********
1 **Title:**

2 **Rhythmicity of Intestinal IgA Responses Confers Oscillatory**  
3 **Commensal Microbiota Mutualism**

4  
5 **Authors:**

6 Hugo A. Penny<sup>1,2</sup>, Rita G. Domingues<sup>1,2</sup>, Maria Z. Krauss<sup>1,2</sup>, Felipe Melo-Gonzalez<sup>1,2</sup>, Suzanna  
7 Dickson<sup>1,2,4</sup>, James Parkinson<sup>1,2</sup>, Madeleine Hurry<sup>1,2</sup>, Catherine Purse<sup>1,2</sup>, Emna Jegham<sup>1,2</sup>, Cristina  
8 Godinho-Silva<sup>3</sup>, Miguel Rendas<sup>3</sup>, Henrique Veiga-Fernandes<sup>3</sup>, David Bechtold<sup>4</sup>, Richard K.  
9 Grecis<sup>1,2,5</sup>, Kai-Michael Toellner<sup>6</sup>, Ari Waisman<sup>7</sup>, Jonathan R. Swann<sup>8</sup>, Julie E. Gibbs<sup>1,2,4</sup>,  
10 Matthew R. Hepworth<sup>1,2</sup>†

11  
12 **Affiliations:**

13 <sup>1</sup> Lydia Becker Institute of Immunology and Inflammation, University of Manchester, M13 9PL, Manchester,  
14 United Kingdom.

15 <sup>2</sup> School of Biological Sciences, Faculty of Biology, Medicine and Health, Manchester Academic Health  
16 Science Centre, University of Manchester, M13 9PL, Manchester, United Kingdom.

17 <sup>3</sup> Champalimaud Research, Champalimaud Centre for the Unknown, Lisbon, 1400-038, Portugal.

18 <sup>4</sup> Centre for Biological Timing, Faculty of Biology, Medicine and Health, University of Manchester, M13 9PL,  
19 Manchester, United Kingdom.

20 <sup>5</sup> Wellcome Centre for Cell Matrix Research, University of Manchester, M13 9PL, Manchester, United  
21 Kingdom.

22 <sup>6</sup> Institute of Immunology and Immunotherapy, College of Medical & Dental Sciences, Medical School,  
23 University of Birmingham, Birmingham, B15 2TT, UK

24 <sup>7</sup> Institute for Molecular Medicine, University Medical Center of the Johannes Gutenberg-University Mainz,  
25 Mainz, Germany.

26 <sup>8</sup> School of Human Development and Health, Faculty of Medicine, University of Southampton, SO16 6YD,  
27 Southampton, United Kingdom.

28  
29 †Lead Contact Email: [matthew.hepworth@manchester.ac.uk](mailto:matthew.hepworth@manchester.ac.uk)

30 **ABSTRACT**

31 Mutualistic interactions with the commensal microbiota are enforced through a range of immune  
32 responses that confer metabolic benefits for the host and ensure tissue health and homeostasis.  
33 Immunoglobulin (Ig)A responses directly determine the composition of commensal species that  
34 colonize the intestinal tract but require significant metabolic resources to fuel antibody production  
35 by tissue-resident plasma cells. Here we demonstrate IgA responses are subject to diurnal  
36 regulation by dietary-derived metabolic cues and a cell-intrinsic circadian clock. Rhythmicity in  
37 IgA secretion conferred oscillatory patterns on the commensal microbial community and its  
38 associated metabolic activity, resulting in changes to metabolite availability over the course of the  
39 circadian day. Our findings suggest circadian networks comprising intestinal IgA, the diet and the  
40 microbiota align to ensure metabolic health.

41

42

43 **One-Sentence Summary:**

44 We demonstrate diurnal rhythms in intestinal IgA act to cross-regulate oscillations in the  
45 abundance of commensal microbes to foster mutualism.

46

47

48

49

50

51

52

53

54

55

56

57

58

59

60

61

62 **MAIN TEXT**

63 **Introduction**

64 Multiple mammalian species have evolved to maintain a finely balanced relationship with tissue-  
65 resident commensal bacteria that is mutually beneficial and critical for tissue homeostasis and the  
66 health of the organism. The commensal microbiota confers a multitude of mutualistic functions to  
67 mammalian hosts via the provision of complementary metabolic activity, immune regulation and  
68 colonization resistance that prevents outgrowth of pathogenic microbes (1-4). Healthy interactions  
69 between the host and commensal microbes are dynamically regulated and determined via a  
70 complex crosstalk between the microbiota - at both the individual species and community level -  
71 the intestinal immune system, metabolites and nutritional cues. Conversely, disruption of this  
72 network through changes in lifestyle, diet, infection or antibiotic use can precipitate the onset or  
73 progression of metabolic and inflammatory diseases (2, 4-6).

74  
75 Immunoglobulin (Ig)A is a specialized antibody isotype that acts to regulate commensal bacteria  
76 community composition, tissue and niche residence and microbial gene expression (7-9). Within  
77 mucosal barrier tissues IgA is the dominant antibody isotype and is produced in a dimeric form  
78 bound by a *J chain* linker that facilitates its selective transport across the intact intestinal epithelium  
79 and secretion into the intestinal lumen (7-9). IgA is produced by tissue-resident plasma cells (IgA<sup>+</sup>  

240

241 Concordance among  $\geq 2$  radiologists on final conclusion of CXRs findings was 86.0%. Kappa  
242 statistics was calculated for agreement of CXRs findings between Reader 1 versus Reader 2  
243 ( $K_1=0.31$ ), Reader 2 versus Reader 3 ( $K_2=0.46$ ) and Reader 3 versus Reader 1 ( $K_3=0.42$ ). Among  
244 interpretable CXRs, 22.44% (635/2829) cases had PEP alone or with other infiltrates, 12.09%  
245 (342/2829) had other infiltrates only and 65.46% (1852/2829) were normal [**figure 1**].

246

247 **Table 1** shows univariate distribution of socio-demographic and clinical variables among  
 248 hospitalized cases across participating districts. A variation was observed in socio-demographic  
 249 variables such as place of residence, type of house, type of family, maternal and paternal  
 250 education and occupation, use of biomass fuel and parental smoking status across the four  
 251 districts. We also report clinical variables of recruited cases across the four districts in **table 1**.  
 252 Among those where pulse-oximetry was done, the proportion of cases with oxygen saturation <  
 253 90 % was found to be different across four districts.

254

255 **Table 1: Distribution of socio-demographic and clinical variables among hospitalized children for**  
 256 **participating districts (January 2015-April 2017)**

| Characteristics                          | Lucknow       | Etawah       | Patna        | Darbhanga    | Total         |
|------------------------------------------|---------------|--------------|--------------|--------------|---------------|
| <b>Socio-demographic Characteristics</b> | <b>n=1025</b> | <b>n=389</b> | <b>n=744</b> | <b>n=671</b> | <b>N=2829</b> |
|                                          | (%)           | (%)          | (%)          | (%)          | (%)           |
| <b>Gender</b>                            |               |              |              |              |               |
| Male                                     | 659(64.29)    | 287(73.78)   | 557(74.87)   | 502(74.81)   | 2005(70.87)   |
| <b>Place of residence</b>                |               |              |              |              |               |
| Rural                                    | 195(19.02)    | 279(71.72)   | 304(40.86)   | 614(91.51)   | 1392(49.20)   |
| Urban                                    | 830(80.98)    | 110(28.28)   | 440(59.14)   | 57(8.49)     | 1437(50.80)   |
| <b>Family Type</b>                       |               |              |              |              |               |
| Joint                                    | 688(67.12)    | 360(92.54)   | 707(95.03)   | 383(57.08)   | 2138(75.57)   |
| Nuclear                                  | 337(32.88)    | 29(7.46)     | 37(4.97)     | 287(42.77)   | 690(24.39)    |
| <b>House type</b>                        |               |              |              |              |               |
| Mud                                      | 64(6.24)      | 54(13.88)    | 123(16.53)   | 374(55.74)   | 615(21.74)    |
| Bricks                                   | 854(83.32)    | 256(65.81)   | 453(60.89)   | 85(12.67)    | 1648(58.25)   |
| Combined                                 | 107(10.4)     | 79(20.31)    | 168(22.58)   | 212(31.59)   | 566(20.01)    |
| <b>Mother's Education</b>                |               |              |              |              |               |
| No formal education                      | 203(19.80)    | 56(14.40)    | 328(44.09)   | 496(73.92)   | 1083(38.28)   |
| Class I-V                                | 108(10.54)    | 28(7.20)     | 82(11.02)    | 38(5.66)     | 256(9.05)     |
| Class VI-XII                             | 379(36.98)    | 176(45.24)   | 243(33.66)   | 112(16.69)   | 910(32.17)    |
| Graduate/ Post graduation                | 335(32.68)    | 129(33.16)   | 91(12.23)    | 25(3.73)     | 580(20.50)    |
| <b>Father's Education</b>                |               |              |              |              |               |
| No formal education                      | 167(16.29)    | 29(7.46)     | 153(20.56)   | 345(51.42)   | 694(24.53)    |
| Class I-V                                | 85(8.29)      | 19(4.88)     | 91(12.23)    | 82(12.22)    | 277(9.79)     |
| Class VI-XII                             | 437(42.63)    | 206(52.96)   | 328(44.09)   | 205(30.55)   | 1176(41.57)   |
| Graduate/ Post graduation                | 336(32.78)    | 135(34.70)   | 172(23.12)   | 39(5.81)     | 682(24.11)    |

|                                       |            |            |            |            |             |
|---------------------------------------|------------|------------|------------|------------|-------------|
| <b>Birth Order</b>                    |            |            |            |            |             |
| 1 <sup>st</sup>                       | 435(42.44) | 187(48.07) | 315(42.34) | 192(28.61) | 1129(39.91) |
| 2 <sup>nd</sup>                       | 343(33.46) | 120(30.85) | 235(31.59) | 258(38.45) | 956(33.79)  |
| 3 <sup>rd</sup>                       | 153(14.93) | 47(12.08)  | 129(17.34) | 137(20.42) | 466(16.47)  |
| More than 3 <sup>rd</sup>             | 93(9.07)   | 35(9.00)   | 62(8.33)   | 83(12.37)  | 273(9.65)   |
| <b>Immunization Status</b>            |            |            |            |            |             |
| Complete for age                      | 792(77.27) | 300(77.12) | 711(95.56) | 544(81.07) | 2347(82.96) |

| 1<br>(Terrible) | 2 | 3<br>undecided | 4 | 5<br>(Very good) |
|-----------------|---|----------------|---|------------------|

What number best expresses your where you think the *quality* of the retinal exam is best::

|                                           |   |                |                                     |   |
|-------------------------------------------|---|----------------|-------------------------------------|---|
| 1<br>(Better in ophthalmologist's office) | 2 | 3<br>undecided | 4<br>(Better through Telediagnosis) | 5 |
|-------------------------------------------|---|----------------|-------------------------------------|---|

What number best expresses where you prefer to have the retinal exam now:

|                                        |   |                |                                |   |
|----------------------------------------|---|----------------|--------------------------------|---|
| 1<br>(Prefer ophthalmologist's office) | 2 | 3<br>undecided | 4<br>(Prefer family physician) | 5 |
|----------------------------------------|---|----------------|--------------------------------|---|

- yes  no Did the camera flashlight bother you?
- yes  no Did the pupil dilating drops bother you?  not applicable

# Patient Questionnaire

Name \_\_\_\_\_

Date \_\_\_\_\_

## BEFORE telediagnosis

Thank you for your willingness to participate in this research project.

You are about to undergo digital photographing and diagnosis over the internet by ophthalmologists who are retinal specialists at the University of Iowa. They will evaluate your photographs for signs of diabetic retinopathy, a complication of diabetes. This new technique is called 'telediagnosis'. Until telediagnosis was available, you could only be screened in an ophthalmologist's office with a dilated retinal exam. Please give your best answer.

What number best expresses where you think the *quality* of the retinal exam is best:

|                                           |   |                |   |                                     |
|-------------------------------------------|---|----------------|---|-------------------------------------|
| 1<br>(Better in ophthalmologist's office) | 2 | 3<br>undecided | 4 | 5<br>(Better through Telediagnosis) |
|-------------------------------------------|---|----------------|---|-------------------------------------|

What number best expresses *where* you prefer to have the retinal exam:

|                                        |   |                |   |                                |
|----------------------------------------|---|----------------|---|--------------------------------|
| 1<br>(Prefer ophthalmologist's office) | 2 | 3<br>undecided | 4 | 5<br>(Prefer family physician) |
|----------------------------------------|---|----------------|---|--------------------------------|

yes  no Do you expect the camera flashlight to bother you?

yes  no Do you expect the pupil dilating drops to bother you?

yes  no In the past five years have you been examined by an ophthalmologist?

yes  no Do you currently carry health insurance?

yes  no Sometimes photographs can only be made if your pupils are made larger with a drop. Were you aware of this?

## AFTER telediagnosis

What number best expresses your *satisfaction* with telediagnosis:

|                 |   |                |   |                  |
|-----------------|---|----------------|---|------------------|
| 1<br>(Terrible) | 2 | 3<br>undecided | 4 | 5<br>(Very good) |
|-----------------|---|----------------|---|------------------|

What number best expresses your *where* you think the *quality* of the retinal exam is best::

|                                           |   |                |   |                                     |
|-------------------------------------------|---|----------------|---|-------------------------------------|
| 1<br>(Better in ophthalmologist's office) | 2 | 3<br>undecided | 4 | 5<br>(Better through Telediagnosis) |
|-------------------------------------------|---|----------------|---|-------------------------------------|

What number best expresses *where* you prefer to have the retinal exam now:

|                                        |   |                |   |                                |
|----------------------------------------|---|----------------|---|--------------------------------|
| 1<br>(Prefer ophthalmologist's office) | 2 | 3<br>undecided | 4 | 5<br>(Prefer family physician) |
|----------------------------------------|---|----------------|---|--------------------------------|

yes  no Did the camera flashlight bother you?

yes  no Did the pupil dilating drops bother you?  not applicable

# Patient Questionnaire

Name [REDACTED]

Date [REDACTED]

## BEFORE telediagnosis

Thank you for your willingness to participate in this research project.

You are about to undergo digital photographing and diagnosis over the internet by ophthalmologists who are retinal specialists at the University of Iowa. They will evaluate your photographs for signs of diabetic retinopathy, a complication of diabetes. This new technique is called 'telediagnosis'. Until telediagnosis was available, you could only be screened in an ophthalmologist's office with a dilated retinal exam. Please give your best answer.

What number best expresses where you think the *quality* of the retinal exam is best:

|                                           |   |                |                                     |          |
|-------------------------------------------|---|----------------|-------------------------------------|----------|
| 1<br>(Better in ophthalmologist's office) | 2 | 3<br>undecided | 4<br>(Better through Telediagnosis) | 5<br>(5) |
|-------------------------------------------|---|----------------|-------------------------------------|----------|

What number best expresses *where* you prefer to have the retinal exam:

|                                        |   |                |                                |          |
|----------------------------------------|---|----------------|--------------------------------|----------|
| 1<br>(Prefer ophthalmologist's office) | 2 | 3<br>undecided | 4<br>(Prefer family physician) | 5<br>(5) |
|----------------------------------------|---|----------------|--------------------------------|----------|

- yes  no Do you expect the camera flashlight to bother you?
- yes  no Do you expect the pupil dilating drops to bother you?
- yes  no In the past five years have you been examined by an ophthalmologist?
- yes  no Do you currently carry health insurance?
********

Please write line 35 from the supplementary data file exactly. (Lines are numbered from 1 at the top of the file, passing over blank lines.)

35 by tissue-resident plasma cells. Here we demonstrate IgA responses are subject to diurnal  